The aptly named Redshift Kitchen Sink is a wildly shaped drop handlebar with an integrated aero extension, designed solely with long-distance mixed-terrain endurance events, such as the Transcontinental Race, in mind.
The brand, which is best known for its Shockstop suspension stems, is currently taking the bars through the prototyping phase, with the potential for them to hit the market later this year.
What exactly is going on here?
The Kitchen Sink handlebars are designed to give as many pressure-relieved hand positions as possible for exceptionally long days in the saddle.
The bars have a small amount of rise to bring the front end up, before the heavily shaped tops sweep back slightly. The tops are so flat and oddly shaped that they actually resemble an Ergon GP-style grip that has been wrapped in bar tape.
From there, the fairly shallow flared drops lead into another ergonomically-shaped grip. The pictured prototype grip looks and feels like it’s made of Babybel wax, but the finished product is expected to be black.
Beneath the tape is a set of custom gel inserts. It is expected that the bar will be bought as a package, which will include the gel inserts and grips.
And what about that extension?
Aero extensions are commonly used in long-distance racing. Oliver Woodman / Immediate Media
Aero extensions are commonly used in long-distance racing. The aero advantage is fairly obvious, but they also simply offer somewhere else to put your hands and hang your luggage.
The Kitchen Sink bars have an integrated aero extension loop. There are a number of advantages to integrating the extension into the bar.
Chiefly, unlike conventional bolt-on extensions, there is no chance of these ever working their way loose over the course of a ride. This is not beyond the realms of possibility if you’re hanging bikepacking luggage off standard extensions and riding off-road.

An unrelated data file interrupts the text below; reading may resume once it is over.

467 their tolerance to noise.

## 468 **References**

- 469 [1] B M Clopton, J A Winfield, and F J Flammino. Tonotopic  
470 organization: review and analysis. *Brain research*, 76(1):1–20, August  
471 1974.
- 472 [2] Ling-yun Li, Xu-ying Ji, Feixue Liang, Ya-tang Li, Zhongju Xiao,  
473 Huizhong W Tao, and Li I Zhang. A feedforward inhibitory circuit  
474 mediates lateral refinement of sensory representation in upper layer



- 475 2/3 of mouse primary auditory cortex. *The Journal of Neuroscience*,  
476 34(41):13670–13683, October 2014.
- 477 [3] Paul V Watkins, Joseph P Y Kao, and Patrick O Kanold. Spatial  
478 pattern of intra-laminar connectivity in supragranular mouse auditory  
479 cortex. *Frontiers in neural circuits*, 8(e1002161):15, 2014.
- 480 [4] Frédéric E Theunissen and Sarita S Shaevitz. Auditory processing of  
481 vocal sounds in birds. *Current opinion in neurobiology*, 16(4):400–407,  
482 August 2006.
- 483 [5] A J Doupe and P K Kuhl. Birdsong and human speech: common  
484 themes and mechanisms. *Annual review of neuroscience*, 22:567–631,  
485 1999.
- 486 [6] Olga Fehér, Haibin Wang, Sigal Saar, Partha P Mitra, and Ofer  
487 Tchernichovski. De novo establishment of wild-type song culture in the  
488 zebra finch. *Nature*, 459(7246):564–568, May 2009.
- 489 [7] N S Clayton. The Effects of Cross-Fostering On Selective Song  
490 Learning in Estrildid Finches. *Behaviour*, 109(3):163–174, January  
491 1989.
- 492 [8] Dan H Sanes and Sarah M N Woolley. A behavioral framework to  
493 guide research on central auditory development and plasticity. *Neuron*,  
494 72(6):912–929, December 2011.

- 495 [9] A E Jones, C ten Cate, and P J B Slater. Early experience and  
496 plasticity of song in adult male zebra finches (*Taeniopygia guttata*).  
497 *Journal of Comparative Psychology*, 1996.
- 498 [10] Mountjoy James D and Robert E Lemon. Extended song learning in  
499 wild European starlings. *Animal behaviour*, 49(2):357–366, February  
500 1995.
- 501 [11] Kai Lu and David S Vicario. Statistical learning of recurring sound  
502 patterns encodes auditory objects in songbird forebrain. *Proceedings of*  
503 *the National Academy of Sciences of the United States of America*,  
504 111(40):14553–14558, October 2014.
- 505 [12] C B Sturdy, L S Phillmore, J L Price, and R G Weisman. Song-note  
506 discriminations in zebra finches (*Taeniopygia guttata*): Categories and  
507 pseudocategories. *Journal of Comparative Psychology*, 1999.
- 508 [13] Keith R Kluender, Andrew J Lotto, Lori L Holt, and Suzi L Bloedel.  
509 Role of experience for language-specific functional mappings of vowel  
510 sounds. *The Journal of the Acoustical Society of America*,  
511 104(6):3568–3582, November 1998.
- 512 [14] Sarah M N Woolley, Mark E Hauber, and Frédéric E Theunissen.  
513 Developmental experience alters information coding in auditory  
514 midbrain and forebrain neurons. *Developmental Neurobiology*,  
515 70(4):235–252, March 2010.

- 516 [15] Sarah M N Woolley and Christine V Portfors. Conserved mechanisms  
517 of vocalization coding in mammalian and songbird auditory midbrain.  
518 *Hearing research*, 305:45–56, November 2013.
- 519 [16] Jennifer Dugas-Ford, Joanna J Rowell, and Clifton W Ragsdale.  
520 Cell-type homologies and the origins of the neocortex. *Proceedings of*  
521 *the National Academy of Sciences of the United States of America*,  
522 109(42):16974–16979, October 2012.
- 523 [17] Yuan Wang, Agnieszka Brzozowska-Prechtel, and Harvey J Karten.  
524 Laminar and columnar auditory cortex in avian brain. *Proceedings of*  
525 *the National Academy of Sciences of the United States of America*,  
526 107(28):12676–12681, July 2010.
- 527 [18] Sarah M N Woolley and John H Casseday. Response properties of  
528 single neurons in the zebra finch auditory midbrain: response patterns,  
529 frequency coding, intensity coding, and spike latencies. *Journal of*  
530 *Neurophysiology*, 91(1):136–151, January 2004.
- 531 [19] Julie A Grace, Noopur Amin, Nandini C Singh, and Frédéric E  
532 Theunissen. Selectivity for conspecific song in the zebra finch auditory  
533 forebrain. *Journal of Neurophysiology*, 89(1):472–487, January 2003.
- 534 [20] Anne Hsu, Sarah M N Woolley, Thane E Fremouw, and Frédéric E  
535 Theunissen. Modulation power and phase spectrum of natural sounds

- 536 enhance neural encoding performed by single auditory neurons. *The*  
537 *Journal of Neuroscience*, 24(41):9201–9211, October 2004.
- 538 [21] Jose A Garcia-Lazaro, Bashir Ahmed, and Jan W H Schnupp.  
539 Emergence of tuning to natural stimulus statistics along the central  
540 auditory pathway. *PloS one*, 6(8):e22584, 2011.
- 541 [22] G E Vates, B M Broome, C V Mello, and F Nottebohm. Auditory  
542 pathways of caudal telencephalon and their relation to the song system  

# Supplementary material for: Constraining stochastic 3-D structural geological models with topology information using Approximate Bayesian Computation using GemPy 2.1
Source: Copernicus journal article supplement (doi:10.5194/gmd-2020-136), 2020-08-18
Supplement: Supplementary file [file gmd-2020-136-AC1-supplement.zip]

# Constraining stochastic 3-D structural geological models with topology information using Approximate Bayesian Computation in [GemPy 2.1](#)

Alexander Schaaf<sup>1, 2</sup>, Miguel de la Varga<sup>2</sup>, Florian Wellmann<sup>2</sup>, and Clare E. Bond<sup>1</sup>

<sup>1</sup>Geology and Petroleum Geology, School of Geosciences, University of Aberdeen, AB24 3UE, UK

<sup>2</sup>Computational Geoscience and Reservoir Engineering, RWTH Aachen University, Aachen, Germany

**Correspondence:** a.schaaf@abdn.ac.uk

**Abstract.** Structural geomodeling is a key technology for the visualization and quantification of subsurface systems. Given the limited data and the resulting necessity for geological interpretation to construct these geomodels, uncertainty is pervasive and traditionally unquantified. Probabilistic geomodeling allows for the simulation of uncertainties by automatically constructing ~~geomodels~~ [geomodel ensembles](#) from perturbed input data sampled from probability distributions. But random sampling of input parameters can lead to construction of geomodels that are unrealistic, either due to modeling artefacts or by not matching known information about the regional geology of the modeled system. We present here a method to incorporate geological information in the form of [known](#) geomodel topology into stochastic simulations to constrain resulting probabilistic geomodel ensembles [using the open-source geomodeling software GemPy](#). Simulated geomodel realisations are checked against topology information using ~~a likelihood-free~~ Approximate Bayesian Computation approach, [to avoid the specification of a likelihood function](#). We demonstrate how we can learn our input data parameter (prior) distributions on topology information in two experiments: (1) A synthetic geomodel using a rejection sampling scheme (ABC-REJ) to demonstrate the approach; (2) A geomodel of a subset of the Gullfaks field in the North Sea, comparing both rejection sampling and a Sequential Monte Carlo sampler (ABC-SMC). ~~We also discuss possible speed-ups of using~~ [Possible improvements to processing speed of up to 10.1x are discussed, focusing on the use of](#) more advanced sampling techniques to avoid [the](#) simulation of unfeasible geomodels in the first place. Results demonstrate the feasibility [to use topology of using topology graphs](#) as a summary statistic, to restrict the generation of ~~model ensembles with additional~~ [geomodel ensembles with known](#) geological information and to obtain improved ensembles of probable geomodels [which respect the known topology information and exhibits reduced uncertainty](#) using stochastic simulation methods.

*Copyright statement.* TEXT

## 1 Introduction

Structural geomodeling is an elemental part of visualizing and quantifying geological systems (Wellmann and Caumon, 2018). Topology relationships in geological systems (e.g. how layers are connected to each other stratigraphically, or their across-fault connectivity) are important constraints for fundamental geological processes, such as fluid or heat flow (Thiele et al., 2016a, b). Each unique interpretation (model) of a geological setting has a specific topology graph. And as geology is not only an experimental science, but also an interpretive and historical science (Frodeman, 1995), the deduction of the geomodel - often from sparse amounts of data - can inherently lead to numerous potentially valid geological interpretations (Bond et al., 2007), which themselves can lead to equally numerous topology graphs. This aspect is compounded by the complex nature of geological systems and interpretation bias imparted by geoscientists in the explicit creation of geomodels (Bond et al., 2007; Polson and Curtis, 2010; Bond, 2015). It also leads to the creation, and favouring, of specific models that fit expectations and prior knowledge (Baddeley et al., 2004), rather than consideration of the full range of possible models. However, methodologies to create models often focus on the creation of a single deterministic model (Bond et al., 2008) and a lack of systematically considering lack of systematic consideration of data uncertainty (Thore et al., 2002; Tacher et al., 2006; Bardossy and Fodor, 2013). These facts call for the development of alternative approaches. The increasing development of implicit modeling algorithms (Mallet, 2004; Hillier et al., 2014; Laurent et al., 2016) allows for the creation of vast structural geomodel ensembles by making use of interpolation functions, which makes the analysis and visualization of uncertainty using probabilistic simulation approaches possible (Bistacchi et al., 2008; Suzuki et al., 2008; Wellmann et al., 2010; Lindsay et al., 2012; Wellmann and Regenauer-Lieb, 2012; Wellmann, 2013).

The apex of the extension on the prototype Kitchen Sink bars is curved but the production version will be squared-off, to ease mounting of accessories such as lights or computers.
Redshift is also investigating the possibility of making a dedicated pouch that could fit neatly within the extension.
Exactly who are these for?
While it’s tempting to focus on the challenging aesthetics of the bar, it’s worth remembering that looks are very unlikely to factor into your thoughts when you’re 45 hours into pummelling your peach in some hideous trans-Mongolian bikepacking race.
For a very select few, these bars may offer a very compelling alternative to conventional gravel drop bars, and we’re looking forward to seeing how they fare in these events.
Like the majority of Redshift’s products, it’s expected that the bars will first go to Kickstarter for a round of funding before its release into the general market. Pricing and size options are all still to be determined.
What do you think of the bars? Could they fit your very specific needs? Or are they just too weird for you? Let us know in the comments below.